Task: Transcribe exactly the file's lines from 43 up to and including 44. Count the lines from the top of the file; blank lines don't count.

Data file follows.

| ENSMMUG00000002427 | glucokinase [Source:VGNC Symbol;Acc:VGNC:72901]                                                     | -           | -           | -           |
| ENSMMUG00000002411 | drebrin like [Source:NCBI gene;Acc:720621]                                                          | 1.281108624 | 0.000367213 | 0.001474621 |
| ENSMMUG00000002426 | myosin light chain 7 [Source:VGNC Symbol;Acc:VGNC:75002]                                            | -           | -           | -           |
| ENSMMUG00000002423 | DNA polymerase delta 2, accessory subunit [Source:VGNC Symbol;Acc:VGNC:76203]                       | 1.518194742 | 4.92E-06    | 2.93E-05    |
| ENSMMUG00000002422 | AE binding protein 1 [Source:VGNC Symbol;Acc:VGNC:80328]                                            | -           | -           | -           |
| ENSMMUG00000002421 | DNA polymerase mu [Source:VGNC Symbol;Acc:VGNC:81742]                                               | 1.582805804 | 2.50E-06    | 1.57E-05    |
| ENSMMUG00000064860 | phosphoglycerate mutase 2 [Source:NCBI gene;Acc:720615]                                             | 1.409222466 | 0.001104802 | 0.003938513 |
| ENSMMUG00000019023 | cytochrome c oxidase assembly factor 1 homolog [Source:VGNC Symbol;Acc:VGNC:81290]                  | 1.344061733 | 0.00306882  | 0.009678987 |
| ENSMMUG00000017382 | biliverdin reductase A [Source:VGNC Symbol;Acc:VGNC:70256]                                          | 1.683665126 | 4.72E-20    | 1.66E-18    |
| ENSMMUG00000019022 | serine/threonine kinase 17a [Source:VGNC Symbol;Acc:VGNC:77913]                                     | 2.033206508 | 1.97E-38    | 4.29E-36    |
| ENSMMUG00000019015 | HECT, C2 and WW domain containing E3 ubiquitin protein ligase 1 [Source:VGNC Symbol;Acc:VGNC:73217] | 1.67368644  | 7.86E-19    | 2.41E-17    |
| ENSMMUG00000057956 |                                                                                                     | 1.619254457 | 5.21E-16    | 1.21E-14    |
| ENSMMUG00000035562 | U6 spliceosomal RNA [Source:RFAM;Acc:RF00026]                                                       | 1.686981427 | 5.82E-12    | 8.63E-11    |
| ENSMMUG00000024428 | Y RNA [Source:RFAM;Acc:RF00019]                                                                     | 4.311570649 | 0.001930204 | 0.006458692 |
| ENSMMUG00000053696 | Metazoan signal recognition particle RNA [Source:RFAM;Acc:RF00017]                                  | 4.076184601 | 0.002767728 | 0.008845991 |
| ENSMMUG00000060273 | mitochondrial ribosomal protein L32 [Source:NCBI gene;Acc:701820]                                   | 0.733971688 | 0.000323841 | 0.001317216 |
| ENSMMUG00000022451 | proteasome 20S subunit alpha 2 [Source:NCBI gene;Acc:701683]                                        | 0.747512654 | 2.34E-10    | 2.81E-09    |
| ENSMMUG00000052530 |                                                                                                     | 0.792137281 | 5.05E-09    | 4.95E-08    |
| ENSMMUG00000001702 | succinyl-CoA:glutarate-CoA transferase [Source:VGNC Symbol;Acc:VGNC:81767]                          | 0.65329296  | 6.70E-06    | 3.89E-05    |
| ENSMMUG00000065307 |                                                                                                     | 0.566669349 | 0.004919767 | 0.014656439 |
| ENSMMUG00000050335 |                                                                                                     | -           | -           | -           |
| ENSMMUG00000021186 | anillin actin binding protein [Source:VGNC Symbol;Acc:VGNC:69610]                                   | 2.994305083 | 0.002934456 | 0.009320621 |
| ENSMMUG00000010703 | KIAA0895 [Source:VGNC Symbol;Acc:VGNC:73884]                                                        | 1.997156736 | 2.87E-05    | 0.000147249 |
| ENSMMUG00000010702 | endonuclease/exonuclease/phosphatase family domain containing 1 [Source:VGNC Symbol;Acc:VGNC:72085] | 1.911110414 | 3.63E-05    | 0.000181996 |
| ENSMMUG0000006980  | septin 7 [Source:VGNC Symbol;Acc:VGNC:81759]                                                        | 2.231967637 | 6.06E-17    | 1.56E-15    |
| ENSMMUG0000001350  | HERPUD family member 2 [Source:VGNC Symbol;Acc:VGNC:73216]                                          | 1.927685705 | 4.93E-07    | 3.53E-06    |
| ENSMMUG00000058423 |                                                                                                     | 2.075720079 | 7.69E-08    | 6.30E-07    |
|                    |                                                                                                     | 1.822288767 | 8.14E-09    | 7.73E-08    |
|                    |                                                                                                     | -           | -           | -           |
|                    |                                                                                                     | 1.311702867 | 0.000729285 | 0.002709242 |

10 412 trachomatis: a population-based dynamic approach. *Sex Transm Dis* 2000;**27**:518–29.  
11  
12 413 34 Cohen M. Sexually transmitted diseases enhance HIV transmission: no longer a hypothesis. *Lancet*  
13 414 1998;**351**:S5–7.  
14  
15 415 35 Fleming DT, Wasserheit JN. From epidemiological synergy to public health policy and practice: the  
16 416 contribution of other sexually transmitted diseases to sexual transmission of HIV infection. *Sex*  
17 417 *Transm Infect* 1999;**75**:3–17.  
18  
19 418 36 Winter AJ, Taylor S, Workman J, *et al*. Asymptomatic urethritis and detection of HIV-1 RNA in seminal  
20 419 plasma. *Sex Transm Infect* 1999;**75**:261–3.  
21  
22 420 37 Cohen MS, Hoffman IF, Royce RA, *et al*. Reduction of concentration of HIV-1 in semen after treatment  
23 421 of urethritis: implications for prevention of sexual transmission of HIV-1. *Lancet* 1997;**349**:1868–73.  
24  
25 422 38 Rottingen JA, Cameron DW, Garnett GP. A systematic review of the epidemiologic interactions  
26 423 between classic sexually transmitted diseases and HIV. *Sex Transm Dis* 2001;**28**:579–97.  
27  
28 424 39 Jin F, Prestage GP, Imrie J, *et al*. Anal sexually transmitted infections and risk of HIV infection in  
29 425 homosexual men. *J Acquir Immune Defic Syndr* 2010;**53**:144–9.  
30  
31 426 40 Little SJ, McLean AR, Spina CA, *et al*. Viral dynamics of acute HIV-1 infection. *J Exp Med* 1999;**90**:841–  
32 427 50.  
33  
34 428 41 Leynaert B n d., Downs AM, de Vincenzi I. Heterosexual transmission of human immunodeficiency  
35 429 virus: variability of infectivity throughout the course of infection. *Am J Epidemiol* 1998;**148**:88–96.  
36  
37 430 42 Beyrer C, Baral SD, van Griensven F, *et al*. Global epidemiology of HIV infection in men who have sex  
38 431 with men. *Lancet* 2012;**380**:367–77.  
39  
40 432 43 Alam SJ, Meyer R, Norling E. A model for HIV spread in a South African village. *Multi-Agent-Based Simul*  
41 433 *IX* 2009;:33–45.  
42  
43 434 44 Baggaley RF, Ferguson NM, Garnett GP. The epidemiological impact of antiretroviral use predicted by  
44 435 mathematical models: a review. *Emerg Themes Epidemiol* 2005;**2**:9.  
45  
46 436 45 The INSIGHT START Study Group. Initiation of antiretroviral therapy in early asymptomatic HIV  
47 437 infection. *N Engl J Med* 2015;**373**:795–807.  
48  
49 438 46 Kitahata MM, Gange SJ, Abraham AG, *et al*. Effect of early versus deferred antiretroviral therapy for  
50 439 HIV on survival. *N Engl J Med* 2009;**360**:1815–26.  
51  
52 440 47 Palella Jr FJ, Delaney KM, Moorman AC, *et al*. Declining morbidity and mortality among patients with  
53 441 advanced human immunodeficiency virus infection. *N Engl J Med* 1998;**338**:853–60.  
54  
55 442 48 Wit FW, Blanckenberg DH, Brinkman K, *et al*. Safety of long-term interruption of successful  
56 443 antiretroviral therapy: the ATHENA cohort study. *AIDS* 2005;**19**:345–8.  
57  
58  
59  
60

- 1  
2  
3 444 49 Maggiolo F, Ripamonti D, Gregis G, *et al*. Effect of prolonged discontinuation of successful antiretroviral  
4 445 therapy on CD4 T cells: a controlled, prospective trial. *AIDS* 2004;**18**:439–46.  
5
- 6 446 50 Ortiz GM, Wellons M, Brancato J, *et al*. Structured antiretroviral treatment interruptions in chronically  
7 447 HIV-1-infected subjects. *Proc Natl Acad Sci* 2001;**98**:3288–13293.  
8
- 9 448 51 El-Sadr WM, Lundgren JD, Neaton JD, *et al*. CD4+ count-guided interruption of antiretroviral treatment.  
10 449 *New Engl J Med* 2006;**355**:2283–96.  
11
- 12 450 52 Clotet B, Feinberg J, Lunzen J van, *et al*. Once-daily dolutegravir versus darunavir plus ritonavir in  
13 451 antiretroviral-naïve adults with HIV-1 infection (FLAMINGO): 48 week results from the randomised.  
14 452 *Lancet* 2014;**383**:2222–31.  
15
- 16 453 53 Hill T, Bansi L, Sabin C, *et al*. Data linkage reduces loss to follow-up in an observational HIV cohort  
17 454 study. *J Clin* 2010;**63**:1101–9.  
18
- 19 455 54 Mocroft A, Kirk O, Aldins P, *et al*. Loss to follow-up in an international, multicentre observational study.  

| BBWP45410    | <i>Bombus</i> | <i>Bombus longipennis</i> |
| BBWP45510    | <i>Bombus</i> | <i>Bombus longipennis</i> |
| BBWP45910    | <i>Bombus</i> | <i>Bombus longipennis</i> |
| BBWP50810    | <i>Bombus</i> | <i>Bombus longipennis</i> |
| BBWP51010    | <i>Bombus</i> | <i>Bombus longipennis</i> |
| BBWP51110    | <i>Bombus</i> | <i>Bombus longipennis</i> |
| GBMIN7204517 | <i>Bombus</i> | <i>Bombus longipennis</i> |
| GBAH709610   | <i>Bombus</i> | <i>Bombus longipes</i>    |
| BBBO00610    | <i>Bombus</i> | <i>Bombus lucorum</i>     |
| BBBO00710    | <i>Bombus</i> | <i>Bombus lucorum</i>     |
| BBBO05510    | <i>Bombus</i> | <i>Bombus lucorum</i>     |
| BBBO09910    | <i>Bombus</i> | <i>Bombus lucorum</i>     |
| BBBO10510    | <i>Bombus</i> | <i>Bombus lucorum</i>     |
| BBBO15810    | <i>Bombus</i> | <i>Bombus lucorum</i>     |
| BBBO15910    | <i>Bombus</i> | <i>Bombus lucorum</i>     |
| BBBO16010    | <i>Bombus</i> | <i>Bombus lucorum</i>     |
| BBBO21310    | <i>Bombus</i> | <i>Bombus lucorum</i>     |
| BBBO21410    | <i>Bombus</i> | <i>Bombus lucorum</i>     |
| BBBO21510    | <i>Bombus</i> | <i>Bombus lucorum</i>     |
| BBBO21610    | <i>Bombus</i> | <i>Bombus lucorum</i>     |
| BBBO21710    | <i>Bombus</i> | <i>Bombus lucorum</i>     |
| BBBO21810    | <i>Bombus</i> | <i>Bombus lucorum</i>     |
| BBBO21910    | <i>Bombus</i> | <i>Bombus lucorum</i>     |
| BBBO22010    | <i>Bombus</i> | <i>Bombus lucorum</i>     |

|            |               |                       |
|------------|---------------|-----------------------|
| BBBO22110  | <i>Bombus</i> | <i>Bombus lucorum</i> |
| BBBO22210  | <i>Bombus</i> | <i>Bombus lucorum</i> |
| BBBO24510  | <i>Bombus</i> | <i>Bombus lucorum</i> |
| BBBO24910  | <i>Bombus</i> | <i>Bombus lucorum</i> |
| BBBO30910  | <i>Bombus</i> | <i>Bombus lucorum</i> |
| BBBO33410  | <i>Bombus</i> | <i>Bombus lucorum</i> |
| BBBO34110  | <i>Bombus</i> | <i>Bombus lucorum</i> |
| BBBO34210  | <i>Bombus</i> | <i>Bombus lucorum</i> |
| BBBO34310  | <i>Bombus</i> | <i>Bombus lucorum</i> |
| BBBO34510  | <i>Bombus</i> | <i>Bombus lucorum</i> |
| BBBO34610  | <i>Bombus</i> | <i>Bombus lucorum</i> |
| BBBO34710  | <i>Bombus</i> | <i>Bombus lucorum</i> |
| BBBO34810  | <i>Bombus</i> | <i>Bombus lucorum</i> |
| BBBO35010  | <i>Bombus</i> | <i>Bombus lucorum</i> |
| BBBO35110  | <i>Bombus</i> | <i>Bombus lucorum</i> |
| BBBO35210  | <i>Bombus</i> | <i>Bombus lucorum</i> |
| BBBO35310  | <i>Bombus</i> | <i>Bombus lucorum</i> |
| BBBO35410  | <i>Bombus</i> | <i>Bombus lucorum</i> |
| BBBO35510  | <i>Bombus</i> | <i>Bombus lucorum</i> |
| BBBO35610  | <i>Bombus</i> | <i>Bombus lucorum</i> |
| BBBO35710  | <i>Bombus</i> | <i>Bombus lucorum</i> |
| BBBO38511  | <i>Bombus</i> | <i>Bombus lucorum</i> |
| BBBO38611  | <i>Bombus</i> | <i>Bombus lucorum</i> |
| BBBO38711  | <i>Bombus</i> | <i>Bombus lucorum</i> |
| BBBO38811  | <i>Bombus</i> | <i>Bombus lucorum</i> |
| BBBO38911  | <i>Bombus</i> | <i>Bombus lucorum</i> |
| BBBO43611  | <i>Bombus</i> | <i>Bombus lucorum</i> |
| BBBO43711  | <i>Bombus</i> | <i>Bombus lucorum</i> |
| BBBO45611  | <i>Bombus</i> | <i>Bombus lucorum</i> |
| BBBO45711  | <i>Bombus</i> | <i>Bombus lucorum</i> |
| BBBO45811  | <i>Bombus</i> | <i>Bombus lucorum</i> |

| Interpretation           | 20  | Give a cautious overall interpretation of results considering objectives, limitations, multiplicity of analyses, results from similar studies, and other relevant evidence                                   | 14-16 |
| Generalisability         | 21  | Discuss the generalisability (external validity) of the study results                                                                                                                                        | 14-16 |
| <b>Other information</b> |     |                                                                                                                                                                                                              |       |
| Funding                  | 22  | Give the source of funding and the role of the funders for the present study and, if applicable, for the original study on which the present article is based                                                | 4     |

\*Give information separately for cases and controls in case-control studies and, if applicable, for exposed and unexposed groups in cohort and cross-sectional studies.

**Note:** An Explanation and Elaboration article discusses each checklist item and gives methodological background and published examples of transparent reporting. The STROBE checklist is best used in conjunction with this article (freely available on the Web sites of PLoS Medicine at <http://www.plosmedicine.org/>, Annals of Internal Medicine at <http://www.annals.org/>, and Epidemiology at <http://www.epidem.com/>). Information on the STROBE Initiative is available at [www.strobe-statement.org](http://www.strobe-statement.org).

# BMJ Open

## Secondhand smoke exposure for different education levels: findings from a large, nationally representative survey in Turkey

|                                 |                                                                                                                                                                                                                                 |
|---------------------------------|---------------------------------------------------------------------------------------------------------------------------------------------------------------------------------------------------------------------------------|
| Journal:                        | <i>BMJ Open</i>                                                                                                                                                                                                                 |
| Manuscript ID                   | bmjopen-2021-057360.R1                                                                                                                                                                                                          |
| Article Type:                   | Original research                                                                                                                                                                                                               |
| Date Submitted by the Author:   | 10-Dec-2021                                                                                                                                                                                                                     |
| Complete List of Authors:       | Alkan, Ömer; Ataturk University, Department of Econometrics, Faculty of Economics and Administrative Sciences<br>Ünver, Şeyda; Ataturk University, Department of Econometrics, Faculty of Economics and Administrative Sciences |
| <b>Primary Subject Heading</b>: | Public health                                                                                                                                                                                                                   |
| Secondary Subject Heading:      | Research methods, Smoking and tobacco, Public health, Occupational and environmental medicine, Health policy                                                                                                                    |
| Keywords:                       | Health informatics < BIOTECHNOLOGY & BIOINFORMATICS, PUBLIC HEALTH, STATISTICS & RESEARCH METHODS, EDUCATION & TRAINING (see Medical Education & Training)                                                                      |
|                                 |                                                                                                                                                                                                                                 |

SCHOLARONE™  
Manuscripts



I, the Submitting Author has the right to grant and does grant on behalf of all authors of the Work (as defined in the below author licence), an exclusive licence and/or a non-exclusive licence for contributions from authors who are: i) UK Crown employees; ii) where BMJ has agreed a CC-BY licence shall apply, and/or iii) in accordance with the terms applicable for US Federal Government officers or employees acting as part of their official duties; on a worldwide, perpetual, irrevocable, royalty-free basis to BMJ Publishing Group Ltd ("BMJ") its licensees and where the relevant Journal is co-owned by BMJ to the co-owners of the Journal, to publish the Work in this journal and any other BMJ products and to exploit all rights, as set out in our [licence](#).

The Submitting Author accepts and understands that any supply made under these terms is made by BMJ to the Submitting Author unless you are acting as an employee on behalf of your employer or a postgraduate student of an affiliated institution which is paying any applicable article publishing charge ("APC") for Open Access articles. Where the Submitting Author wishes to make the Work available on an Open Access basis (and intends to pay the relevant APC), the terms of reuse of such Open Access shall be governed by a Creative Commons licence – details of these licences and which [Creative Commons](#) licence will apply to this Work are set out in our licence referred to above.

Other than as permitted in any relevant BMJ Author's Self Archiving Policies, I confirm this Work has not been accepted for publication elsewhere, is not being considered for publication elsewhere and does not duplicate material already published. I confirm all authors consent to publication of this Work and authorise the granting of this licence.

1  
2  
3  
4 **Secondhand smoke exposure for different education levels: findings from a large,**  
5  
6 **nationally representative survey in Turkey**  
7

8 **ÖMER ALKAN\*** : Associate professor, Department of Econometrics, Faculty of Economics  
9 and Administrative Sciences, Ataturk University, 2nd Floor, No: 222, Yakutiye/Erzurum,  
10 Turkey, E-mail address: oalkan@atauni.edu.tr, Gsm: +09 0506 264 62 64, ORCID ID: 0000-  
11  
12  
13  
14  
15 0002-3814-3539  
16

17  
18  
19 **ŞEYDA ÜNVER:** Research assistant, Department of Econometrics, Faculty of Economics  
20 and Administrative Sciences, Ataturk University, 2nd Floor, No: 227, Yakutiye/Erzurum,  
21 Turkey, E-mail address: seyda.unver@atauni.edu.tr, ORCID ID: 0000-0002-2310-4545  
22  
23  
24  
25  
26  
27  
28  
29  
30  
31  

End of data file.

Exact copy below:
22 420 37 Cohen MS, Hoffman IF, Royce RA, *et al*. Reduction of concentration of HIV-1 in semen after treatment  
23 421 of urethritis: implications for prevention of sexual transmission of HIV-1. *Lancet* 1997;**349**:1868–73.  